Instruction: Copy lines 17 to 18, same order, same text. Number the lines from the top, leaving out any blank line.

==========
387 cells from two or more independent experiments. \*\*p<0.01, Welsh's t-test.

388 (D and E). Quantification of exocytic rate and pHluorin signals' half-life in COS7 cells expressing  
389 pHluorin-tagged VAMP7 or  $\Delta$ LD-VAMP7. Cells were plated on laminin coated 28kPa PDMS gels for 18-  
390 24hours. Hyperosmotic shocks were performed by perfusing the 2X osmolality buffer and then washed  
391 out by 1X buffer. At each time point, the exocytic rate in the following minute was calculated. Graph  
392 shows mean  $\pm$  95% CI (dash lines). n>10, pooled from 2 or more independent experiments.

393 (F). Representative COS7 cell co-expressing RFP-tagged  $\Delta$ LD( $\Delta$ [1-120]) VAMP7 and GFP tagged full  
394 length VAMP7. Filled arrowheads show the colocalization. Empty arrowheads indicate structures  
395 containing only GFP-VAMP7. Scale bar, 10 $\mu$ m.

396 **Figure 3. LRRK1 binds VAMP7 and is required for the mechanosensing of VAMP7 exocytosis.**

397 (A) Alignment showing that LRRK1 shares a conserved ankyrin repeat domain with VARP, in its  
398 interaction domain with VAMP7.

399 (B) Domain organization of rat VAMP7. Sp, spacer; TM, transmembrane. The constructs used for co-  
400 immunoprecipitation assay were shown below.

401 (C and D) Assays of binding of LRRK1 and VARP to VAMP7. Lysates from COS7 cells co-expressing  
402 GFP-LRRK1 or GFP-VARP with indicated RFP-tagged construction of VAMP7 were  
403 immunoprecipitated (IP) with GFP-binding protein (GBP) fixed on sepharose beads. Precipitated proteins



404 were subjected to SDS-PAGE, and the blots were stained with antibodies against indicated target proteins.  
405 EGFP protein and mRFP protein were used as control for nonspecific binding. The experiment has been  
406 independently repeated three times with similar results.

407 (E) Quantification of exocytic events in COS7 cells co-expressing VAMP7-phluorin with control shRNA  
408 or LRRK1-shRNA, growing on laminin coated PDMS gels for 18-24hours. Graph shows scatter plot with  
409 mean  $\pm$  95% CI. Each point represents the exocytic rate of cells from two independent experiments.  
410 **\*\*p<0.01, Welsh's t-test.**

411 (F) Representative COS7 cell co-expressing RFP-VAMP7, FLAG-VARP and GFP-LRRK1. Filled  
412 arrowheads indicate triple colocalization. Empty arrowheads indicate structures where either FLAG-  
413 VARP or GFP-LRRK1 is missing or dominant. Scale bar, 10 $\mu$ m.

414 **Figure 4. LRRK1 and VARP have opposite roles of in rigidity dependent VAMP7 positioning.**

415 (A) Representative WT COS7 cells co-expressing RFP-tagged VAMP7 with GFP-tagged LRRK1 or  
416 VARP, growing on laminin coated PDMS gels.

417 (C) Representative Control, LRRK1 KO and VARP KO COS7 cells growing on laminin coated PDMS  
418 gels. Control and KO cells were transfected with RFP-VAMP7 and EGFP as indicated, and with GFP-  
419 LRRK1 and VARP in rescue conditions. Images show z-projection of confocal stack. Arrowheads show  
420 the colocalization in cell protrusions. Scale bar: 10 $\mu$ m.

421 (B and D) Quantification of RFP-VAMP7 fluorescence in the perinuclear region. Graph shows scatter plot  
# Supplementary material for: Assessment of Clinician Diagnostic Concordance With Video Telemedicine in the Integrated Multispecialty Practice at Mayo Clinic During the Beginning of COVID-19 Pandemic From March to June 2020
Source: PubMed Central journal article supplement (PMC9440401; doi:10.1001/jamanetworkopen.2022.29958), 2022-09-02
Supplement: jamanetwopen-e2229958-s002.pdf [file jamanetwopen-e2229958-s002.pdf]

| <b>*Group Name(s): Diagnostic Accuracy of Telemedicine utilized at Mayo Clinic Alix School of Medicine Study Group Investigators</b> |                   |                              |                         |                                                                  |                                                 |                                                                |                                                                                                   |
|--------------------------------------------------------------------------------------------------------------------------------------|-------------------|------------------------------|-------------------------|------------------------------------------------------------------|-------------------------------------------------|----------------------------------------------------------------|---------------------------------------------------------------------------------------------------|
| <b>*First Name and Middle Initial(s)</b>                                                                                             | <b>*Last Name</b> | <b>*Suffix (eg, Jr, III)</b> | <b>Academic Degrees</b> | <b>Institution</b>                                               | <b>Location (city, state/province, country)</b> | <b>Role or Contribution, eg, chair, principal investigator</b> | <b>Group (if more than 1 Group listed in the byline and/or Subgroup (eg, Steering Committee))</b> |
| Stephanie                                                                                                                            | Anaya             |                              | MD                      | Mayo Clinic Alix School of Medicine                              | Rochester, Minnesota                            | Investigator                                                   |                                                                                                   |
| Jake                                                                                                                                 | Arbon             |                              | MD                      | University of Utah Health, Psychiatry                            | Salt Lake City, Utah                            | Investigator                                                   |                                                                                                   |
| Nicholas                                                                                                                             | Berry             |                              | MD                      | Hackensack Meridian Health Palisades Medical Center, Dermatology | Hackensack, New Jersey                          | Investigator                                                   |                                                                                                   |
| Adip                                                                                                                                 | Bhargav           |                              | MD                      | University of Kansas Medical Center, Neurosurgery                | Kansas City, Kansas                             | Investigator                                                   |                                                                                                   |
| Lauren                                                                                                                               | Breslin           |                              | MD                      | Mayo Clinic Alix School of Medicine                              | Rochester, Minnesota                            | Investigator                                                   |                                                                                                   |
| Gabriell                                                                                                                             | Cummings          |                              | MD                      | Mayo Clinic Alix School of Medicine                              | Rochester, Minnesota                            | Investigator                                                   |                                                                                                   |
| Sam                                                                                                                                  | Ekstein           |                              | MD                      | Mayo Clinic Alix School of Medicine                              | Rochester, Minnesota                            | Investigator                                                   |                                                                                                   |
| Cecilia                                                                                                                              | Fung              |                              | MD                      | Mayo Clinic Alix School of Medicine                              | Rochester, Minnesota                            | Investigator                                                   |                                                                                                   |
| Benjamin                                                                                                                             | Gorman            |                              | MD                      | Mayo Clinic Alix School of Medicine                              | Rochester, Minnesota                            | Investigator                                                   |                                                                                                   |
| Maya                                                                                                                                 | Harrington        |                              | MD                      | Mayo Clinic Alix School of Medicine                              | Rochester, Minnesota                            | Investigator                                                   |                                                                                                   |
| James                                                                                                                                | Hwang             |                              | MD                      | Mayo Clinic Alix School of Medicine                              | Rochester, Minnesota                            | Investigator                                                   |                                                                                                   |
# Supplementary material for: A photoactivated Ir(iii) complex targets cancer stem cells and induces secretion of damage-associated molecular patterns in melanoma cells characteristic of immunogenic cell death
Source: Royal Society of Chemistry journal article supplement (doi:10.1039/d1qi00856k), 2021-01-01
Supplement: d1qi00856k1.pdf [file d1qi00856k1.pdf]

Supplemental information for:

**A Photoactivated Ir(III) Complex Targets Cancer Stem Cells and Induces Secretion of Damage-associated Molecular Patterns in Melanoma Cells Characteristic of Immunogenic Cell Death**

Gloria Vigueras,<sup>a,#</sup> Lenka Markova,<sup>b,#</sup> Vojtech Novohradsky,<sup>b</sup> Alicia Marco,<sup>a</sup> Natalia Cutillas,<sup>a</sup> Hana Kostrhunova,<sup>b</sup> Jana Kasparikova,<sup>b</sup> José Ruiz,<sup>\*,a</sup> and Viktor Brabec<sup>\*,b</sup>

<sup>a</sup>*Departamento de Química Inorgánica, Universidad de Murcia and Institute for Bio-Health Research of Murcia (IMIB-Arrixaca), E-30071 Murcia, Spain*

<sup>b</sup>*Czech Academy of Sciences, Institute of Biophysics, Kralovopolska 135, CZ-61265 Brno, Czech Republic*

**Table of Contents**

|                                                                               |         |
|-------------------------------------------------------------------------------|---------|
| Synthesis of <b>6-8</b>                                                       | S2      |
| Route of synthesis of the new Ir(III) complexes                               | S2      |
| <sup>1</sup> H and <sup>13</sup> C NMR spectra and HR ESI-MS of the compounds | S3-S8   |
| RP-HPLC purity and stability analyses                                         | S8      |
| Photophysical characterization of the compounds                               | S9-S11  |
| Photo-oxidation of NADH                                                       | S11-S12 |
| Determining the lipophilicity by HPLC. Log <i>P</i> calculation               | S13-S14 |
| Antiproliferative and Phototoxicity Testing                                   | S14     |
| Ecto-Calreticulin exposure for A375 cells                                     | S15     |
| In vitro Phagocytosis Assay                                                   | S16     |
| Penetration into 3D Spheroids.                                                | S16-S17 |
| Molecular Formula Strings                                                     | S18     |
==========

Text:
403 immunoprecipitated (IP) with GFP-binding protein (GBP) fixed on sepharose beads. Precipitated proteins



404 were subjected to SDS-PAGE, and the blots were stained with antibodies against indicated target proteins.  